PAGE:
I read a lot, all kinds of books.
I haven’t read The Midnight Library by Matt Haig. I learned about the book from one of those “lists” that proliferate this time of year: books most checked out in the Public Library.
Any library is my good friend. I’m rarely in my public library for more than a few minutes. I pick up my books that are “on hold’ and maybe glance at the “fast reads” that, along with self checkout, are just steps inside my local branch. My city also has over 300 “little libraries” that are homemade book exchange boxes in front of homes, schools and businesses. We have two on our block.
I recently picked up the well-read title, Educated,(that i’ve avoided for years) and award winning 419 by Will Ferguson (yes, brilliant) from the little library nearest me.
Okay, back to not reading The Midnight Library. I overlooked the sci-fi/fantasy genre label as I read this hook:
Between life and death there is a library, and within that library, the shelves go on forever. Every book provides a chance to try another life you could have lived. To see how things would be if you had made other choices…
Why do I read so much? It is more than to live another life through the story—real or imagined or the fine line in-between. I read because other peoples’ words and experiences name a little tiny bit of the mystery of my life.
I just finished reading Barbara Kingsolver’s Unsheltered, the integrated and parallel tale of two eras. It’s not unusual for me to fall in love with a book like this, but what was it exactly?
More than writing. Barbara Kingsolver has a gift, not only with words, but in her ability to express things I cannot or do not easily name, not just with words, but with nuances of relationship between husband and wives, between adult children and parents, between mother’s and daughters, and between me and worry and the security of “home.” In this novel, she subtly unfolds belonging I desire but can’t easily express.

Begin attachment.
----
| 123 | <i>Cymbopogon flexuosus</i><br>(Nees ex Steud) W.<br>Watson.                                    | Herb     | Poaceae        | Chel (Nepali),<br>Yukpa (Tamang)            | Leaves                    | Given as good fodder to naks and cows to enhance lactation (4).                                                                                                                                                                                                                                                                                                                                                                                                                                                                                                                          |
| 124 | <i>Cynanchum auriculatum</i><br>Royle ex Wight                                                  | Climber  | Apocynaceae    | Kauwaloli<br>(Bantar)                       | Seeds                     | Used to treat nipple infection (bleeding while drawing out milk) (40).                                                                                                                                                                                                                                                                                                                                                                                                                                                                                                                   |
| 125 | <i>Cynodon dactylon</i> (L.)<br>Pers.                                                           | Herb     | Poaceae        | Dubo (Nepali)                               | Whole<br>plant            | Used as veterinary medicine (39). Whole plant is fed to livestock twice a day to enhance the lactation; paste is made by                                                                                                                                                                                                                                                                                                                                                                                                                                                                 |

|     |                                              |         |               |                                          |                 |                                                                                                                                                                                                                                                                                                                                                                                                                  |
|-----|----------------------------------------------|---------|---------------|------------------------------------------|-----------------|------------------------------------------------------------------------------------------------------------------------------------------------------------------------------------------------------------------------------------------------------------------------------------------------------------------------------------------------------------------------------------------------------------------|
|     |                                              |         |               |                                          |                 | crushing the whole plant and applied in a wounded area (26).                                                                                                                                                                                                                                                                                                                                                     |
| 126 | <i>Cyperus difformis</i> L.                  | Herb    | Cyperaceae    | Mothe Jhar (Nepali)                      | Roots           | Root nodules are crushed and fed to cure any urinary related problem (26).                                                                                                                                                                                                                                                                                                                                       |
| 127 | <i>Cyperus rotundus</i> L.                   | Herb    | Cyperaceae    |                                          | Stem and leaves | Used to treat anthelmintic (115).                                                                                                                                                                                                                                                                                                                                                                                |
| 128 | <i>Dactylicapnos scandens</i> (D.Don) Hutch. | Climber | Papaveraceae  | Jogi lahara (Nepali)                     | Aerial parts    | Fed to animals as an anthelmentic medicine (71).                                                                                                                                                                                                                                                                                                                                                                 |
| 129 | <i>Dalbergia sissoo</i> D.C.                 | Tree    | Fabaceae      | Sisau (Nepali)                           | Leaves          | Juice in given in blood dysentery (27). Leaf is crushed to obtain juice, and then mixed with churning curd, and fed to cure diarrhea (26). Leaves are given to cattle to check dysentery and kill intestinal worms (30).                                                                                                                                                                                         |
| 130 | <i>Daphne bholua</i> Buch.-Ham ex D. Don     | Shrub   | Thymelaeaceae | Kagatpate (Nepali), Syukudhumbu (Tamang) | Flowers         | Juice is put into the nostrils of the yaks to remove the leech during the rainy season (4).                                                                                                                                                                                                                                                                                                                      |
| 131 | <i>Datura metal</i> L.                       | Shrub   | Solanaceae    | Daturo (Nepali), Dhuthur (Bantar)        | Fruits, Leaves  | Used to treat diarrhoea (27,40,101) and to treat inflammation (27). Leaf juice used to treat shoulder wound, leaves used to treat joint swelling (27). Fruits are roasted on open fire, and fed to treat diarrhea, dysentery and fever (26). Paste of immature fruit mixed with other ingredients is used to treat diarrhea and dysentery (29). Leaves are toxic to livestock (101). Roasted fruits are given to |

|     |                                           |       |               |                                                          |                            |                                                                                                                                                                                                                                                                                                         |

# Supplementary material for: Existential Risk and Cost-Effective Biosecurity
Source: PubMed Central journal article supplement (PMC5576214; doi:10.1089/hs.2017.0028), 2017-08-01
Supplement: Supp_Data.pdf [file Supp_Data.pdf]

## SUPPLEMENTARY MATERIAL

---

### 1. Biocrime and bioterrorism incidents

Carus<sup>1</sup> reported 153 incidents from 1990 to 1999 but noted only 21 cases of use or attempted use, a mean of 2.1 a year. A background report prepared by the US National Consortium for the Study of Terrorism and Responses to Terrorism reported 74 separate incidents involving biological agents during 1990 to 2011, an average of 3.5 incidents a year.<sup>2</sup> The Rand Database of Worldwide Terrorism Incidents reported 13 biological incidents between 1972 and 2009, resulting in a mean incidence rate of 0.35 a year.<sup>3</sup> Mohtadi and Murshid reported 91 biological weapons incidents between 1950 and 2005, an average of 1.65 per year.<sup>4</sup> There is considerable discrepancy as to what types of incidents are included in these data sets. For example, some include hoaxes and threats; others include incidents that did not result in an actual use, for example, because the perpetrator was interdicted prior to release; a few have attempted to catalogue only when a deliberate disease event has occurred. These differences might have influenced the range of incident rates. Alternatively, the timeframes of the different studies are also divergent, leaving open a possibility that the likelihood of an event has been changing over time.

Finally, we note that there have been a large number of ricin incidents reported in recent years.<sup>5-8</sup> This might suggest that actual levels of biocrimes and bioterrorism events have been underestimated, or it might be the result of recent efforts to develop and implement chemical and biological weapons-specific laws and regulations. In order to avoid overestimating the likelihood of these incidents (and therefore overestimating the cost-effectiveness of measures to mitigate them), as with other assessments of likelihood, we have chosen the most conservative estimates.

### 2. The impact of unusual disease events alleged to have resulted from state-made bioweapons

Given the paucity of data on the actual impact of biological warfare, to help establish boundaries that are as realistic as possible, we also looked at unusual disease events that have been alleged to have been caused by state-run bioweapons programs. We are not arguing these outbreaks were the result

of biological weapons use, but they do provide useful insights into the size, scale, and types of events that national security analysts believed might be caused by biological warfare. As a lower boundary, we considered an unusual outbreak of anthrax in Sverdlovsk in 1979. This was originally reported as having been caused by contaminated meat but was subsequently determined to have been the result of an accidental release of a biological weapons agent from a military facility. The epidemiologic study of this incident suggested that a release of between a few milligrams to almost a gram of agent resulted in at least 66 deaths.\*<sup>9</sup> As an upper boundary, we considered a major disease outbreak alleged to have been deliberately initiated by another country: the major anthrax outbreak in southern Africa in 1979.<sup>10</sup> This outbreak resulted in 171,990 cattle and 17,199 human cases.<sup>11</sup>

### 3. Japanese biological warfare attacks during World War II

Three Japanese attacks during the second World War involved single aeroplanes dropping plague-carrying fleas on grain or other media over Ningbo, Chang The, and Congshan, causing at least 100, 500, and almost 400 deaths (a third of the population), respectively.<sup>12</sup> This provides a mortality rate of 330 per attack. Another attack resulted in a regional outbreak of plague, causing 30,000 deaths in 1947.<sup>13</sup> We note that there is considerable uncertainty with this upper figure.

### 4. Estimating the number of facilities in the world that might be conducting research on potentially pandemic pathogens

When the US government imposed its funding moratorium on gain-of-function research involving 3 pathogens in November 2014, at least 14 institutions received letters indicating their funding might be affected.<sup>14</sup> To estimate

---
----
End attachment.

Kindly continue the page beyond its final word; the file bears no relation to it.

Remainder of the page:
The way the protagonist Willa sees her children, now adults, somehow made me see through the puzzlement of my own experience. Willa’s sense of them evolving—the illusion of her son Zeek from childhood as accomplished and driven and her seemingly wild and untethered daughter Tig.
Touch your own mystery in this conversation between Willa and Tig, mirrored in what Mary Treat told her neighbour, Thatcher.
[Willa] “My mother used to say when God slams a door on you, he opens a window.”
Tig gave this two seconds of respectful consideration before rejecting it. “No, that’s not the same. I’m saying when God slams a door on you it’s probably a shitstorm. You’re going to end up in rubble. But it’s okay because without all that crap overhead, you’re standing in the daylight.”
“Without a roof over your head, it kind of feels like you might die.”
“Yeah, but you might not. For sure you won’t find your way out of the mess if you keep picking up bricks and stuffing them in your pockets. What you have to do is look for blue sky.”
Along side this conversation is Mrs. Treat’s wisdom:
“Without shelter, we stand in daylight.”
Either way, I figure, I have to look for the light in the blue sky and let go of my own bricks.
Oh, and I put The Midnight Library on hold at the Greater Victoria Public Library, Oak Bay Branch. I’m 84th on the list but there are 42 copies—evidence that I made a compelling choice, but I will see in a few months—unless a copy shows up in one of the little libraries I might pass.